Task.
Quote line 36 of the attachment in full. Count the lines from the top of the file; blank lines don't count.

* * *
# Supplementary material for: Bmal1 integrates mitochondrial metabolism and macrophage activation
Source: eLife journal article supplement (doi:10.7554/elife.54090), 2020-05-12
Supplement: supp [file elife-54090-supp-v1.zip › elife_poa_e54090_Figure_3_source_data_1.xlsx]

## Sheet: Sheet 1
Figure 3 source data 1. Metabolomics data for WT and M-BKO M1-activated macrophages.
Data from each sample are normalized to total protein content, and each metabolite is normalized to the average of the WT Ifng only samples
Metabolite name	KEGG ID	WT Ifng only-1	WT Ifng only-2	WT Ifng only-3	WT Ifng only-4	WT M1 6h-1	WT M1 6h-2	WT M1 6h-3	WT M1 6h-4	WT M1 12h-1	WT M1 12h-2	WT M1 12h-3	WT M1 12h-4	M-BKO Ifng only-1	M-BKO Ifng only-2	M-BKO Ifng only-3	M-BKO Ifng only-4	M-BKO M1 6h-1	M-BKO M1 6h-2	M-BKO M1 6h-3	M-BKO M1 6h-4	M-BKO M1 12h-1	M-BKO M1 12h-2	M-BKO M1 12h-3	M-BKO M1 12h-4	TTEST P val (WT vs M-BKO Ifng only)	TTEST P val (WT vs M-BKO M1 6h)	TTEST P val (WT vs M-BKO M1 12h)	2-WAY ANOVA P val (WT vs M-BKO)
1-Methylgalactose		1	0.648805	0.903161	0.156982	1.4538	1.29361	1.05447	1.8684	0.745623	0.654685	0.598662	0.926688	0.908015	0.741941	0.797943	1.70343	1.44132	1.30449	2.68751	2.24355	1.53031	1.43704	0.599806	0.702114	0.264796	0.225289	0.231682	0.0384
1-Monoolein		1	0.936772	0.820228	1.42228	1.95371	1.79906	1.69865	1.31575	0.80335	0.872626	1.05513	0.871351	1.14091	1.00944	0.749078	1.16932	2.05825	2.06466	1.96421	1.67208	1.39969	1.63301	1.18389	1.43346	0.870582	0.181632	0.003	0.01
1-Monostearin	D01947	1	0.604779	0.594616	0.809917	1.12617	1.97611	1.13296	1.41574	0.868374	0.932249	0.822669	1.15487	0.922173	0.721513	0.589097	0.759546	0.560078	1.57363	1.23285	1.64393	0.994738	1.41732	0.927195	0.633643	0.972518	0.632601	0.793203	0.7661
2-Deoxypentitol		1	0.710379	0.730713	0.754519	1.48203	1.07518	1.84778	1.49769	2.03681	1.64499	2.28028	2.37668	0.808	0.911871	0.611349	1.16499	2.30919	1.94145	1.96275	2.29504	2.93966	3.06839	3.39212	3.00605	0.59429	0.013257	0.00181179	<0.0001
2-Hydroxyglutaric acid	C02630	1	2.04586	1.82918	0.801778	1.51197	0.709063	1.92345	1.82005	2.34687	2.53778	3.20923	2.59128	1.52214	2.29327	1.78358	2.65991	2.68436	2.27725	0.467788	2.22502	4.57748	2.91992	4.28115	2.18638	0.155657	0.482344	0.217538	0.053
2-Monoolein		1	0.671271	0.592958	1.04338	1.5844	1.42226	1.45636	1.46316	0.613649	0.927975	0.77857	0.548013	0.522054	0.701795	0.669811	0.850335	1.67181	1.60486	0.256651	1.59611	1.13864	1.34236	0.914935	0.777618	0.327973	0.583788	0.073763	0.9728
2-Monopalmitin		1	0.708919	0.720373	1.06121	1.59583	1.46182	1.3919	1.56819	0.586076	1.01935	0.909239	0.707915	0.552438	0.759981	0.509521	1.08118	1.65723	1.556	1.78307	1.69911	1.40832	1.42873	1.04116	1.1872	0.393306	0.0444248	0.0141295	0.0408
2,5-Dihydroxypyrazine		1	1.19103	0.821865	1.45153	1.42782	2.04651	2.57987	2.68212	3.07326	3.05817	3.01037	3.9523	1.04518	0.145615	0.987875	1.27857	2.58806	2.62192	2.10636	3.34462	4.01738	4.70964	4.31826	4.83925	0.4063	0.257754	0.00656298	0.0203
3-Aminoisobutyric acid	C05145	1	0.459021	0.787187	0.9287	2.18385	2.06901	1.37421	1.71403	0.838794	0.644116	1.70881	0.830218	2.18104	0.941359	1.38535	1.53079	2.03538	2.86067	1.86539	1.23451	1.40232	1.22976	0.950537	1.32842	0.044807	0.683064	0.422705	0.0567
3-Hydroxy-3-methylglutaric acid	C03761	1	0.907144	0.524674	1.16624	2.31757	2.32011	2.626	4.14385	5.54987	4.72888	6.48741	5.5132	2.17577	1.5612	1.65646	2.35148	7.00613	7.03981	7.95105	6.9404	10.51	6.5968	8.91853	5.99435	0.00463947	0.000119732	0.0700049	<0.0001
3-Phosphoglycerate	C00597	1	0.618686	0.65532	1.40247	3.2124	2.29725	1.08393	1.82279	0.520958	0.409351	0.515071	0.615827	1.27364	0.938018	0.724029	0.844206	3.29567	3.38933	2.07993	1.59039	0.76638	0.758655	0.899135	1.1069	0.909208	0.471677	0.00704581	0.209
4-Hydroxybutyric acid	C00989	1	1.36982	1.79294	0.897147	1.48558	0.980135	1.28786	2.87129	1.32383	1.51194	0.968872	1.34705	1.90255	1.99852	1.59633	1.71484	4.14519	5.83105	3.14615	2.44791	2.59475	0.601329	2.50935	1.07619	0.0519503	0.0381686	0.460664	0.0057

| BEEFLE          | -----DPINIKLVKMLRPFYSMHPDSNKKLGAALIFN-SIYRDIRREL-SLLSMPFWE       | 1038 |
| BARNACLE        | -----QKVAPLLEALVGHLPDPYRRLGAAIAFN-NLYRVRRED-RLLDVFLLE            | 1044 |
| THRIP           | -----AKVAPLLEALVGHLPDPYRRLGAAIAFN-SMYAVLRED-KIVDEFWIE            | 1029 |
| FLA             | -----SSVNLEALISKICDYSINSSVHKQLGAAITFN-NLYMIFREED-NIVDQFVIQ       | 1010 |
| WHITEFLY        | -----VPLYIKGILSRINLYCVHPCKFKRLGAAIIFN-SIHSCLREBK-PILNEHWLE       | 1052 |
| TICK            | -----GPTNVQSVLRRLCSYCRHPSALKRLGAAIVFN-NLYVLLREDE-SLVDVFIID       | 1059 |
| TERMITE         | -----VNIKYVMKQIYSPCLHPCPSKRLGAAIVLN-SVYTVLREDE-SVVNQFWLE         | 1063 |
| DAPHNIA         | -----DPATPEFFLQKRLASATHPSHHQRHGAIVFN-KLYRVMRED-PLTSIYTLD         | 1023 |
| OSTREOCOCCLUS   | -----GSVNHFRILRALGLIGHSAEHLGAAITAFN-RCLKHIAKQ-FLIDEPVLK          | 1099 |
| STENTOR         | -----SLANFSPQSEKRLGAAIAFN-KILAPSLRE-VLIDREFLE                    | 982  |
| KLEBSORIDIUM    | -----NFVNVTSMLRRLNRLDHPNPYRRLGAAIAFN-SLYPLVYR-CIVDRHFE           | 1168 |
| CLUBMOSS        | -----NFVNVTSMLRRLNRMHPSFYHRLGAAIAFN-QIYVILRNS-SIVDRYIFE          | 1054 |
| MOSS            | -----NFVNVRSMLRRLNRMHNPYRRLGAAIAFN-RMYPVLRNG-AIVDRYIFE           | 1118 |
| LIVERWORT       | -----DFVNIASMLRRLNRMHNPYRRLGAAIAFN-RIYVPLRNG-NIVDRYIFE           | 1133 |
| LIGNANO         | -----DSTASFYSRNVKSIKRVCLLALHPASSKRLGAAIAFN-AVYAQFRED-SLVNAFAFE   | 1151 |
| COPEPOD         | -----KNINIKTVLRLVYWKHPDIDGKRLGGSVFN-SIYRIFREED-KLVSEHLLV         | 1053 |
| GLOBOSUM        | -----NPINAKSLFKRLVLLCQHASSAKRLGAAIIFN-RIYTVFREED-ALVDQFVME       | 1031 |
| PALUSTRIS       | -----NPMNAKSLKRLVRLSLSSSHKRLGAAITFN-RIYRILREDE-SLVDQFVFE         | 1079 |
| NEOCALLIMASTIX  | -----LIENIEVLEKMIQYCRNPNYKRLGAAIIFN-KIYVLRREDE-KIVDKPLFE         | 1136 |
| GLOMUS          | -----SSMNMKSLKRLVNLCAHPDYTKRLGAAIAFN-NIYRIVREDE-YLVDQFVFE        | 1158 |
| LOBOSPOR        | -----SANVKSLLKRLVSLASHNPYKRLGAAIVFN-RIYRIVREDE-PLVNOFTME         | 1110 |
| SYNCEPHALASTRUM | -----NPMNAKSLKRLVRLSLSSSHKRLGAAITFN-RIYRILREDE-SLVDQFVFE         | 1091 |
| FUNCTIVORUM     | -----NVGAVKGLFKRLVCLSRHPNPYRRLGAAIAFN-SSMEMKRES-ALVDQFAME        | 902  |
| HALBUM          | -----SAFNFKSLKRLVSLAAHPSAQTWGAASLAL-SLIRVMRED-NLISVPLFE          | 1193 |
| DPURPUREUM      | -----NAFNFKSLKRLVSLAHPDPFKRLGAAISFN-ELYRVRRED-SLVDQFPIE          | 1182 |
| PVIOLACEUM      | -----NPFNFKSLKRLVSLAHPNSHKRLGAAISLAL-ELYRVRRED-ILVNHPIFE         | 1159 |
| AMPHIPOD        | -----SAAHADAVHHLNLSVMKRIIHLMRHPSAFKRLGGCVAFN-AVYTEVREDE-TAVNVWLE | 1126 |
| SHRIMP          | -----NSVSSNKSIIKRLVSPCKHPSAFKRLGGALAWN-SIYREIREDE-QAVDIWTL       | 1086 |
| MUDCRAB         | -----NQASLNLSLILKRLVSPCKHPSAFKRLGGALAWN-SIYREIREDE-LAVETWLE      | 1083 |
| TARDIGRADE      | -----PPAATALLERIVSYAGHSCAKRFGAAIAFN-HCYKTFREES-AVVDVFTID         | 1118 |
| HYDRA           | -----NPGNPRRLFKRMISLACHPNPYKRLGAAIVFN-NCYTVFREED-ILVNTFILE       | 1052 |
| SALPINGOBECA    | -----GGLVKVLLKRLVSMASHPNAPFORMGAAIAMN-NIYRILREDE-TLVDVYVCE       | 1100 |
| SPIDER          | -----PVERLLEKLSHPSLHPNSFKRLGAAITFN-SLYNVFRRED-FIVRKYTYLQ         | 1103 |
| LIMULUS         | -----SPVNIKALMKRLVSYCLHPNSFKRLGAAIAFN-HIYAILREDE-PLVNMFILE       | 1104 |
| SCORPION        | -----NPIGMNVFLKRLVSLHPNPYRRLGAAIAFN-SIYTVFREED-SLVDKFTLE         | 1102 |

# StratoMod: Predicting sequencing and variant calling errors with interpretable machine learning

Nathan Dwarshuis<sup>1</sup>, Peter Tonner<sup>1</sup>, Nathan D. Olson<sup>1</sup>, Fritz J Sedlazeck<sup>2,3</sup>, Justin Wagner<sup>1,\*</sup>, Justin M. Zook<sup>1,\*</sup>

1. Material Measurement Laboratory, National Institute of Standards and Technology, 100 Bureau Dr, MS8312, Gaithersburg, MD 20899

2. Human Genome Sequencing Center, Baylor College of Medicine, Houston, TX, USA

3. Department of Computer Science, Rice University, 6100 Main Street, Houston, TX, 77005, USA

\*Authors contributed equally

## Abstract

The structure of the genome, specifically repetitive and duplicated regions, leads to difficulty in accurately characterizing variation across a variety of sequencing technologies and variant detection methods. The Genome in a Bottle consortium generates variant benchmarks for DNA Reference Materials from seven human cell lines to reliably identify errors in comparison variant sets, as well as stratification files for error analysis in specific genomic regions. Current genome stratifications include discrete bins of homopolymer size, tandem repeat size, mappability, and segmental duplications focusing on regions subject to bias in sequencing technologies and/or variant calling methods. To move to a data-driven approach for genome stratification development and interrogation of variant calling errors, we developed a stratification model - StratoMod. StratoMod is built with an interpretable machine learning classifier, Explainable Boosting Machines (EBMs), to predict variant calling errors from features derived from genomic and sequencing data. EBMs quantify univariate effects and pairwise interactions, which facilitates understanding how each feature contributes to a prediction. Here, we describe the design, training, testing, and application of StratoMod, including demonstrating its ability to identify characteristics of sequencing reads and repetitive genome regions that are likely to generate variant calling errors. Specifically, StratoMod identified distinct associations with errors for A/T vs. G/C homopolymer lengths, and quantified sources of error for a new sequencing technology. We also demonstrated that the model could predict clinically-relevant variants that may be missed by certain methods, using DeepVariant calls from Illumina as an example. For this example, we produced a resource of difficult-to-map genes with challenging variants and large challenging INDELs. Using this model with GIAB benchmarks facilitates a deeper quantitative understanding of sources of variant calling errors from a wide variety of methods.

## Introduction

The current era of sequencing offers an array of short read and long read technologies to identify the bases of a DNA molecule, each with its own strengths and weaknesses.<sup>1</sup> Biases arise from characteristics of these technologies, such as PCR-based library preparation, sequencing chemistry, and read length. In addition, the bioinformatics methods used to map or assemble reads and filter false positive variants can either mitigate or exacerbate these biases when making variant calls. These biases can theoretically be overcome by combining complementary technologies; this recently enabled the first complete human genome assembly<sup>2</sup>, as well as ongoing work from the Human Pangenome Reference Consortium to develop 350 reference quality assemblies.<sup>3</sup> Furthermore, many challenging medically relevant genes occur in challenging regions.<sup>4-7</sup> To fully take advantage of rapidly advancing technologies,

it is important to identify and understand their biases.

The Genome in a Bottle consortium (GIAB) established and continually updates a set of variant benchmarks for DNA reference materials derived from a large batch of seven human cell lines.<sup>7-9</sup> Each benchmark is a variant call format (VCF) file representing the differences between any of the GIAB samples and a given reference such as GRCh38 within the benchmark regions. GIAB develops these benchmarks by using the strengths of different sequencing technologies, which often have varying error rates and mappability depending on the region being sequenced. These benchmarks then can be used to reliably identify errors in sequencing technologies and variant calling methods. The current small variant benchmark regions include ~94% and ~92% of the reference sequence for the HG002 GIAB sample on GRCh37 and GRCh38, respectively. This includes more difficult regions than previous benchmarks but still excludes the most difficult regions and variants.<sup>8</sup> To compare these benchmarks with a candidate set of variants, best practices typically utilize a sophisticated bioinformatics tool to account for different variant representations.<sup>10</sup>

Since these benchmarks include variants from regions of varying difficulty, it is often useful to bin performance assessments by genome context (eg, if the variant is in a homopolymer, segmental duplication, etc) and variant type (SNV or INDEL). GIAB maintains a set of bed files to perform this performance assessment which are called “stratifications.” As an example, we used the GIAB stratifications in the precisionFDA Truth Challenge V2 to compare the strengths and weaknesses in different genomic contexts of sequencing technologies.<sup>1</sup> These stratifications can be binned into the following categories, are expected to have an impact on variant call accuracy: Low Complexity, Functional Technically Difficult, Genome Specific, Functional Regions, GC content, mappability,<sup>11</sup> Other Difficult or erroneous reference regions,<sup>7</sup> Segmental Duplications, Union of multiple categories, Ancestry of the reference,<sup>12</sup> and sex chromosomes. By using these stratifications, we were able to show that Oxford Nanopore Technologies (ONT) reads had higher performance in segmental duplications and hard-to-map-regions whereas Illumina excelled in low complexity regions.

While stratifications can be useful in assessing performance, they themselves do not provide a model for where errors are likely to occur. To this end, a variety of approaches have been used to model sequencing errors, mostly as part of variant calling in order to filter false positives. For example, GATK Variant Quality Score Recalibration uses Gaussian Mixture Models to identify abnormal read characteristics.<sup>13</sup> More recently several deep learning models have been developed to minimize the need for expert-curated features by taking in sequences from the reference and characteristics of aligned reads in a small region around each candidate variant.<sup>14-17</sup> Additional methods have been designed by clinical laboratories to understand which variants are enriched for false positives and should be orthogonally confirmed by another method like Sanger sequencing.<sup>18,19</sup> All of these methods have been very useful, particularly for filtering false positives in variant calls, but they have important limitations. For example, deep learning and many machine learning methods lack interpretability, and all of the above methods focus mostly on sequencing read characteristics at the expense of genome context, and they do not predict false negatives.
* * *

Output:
| GLOBOSUM        | -----NPINAKSLFKRLVLLCQHASSAKRLGAAIIFN-RIYTVFREED-ALVDQFVME       | 1031 |